Way back at the start of the album, in “Hex,” there’s a turn that happens at 1:46 into the total 4:43. To that point, Superlynx have built up the track (and album) from silence to a wash of distortion, and then, with just the quickest of drum fills, all three members of the band unite around a crunching, forward-directed riff that’s more aggressive in nature. In concert with the other hints of metal showcased around New Moon, it’s hard to tell if it’s a hint at past or future for them, but it’s an important component of what they do in any case, and as much as their sophomore LP is defined by its melodies and its steady, willful pacing, that undercurrent is there. But so is psychedelia, and so is doom, and so is heavy rock, so as Superlynx work to establish their sound here, it indeed is very much their own, and the stylistic elements they draw from and claim could well be the groundwork of even more worldbuilding to come.

Superlynx, “Hex” official video

Superlynx on Thee Facebooks

Superlynx on Instagram

Superlynx on Bandcamp

Dark Essence Records on Thee Facebooks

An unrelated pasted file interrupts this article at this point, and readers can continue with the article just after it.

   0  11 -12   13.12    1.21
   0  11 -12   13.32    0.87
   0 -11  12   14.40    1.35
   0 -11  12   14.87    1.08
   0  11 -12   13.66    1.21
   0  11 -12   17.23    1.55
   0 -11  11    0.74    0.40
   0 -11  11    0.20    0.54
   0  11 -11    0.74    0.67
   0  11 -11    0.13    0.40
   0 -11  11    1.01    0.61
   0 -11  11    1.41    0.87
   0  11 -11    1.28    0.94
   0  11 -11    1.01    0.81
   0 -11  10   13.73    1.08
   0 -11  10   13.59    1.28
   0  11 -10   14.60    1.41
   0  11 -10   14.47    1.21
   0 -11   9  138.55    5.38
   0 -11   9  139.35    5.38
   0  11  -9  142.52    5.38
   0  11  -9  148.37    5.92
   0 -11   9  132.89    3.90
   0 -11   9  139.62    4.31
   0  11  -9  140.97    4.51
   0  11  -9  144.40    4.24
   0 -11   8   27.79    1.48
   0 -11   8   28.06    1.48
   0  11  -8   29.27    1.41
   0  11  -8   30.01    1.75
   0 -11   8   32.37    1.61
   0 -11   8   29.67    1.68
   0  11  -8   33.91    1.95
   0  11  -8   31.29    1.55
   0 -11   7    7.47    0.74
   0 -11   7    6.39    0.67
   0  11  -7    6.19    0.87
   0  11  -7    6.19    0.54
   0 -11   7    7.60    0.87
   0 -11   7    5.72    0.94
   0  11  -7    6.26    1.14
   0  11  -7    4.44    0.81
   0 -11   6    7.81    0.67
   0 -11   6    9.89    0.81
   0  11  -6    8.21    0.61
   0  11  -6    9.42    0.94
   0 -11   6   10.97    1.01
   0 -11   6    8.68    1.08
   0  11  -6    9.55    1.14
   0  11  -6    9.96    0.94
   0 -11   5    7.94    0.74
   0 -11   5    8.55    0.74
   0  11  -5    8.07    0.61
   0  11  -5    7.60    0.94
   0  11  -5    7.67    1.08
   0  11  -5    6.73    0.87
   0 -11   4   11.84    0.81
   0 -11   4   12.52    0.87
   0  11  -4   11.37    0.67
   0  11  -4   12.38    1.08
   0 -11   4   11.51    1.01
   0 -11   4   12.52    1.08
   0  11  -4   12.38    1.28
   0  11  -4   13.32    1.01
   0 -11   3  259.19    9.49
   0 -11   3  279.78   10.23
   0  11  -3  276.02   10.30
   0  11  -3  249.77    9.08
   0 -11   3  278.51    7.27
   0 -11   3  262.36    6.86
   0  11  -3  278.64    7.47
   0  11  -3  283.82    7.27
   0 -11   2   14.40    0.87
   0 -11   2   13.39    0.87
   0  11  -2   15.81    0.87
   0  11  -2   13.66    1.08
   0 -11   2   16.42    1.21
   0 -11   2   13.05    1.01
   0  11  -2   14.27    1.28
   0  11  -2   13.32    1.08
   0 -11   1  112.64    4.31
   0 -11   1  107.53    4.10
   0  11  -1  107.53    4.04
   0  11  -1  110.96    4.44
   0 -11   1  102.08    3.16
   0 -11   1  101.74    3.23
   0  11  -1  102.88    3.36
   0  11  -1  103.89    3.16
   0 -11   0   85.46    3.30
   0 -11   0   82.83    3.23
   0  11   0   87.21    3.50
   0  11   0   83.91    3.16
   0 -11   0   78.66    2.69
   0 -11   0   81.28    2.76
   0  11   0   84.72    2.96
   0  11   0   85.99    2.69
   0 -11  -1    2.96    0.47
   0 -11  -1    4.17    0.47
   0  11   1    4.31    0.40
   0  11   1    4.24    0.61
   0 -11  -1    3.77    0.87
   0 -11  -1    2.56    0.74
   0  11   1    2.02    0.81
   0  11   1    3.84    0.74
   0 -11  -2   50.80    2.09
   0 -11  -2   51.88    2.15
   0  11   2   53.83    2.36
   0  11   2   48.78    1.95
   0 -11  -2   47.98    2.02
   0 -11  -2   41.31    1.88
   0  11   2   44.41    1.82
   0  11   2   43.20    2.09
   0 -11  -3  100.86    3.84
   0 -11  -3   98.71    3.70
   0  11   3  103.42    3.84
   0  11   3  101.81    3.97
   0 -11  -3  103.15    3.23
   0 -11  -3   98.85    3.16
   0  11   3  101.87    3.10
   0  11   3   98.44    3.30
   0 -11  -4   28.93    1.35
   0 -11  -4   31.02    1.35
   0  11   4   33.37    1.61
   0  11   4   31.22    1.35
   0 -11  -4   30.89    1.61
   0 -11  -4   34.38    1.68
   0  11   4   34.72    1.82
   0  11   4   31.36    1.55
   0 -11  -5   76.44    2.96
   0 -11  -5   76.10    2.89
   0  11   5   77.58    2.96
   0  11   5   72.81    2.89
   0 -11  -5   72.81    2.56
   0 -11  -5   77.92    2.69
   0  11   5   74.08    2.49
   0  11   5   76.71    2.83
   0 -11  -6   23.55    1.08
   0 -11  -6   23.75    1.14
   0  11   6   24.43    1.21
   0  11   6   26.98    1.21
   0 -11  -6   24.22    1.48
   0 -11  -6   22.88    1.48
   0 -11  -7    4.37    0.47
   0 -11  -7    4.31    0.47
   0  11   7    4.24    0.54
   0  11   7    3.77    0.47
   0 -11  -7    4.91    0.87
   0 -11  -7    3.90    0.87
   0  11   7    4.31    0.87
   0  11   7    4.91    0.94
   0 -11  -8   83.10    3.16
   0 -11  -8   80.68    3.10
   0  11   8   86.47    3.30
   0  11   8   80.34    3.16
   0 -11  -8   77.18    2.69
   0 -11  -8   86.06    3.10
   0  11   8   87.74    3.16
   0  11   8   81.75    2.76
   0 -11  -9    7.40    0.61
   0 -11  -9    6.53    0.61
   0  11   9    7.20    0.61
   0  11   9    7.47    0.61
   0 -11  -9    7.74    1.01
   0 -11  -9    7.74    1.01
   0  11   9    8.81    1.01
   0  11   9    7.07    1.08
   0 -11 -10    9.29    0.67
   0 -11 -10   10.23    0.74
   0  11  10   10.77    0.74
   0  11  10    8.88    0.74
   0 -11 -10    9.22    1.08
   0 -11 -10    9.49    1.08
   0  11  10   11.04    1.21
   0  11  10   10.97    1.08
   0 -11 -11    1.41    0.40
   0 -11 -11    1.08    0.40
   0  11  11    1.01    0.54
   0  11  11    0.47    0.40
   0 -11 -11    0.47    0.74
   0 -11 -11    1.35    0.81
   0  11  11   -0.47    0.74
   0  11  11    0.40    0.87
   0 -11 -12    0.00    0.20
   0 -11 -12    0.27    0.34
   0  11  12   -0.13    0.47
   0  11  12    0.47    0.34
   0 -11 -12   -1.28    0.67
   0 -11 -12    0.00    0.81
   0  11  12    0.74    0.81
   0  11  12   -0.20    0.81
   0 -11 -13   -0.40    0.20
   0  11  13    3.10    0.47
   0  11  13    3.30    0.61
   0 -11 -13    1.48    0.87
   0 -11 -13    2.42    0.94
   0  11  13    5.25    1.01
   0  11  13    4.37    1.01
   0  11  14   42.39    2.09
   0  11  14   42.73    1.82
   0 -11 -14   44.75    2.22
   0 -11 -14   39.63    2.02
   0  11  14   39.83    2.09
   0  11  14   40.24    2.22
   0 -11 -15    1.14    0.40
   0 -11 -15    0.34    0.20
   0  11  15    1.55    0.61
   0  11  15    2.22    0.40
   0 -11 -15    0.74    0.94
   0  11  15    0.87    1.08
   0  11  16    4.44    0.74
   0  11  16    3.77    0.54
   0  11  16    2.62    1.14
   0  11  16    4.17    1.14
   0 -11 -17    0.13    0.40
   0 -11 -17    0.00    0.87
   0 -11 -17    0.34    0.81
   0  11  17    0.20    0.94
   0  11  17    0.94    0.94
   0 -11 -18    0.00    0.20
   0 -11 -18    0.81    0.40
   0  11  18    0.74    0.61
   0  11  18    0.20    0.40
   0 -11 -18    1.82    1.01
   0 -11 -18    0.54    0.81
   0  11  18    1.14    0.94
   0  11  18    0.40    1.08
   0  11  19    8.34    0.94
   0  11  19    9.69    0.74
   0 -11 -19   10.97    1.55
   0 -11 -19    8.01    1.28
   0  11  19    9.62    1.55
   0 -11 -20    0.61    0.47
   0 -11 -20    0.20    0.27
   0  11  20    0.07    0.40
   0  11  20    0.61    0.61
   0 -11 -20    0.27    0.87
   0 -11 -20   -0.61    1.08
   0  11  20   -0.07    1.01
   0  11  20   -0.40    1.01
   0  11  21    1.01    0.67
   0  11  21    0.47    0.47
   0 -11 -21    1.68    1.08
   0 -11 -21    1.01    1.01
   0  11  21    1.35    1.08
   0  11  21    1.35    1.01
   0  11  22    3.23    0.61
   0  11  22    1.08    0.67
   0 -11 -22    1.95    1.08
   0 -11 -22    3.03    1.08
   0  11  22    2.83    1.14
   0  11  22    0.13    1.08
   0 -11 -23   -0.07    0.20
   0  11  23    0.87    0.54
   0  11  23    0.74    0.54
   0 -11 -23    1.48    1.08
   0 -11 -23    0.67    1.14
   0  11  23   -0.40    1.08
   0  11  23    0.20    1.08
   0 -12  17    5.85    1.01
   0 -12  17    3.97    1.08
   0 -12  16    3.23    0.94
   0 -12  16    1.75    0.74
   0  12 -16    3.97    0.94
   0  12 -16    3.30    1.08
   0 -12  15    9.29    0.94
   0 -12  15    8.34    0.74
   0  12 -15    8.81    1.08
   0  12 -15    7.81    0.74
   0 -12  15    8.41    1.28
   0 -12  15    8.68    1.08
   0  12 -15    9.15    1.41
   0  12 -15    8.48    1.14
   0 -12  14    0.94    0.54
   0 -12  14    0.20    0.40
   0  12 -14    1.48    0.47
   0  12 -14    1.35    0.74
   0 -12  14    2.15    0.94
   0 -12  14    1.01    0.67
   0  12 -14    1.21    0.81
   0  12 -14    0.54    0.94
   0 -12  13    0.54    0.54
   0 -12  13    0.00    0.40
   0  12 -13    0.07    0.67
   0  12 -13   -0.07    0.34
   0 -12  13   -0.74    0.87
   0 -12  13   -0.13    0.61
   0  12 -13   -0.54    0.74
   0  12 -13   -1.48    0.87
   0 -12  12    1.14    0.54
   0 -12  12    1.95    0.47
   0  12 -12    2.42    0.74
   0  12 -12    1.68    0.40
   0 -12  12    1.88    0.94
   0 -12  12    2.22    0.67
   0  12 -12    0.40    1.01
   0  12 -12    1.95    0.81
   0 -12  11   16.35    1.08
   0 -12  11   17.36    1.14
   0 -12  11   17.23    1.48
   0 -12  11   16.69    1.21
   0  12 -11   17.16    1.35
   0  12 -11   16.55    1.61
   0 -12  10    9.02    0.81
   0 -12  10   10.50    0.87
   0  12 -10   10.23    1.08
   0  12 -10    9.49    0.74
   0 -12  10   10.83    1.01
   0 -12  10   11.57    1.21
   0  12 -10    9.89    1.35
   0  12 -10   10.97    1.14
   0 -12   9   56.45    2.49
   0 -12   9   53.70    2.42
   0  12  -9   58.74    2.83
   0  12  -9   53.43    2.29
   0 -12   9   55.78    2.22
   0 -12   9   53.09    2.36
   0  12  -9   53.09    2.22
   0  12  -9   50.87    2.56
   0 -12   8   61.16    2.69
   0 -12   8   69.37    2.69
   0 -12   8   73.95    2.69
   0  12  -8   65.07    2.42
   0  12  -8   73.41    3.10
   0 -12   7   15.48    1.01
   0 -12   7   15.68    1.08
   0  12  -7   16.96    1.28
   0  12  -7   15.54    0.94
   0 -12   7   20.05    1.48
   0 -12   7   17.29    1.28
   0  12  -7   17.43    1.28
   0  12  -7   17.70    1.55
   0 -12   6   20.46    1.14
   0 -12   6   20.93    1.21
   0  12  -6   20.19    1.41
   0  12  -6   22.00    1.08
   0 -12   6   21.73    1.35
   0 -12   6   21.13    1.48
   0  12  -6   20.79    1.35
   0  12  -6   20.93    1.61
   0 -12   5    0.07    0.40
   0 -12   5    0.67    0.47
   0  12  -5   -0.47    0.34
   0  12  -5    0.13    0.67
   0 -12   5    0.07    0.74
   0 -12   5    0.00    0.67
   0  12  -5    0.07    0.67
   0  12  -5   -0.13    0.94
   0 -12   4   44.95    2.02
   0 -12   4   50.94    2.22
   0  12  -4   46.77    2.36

Dark Essence Records on Bandcamp

Dark Essence Records website

Tags: , , , , ,

Superlynx Premiere “Hex” Video; New Moon out March 15

Posted in Bootleg Theater on December 6th, 2018 by JJ Koczan

superlynx (Photo by Kai Simon Fredriksen)

If the rolling waves and slow motion of their new video don’t make the point, I’ll just say outright that a lot of what Superlynx do is based around atmosphere. The Norwegian trio proffer a varied gamut of heavier styles brought into one cohesive approach, and it’s that atmosphere that allows them to range as far as they do between psychedelia, doom, post-this-and-that, and sludgier riffing. Dark Essence Records will issue their second album, New Moon, on March 15, 2019, and it follows in the spirit of 2016’s LVX in its lead single, “Hex,” for which the aforementioned video — premiering below — has been put together.

As much focus can be placed — and not wrongly — on their stylistic blend, “Hex” also emphasizes the structure acting as the foundation on which that blend takes place. With the airy vocals of bassist Pia Isaksen atop the toms Superlynx New Moonof Ole Teigen as they wait for Daniel Bakken‘s guitar to next sweep them into the straight-ahead instrumental drive, there’s a patience to the execution from Superlynx, but clearly they’re a band who have an intention toward craft in more than just mixing influences together. And as song becomes more intense, so too do the waters in the “Hex” video begin to churn faster, but still, that atmosphere — just a sense of the otherworldly — is maintained. In combination with their clear delineation between verses and choruses, it makes for a track that’s broad in its scope but still accessible even the first time through.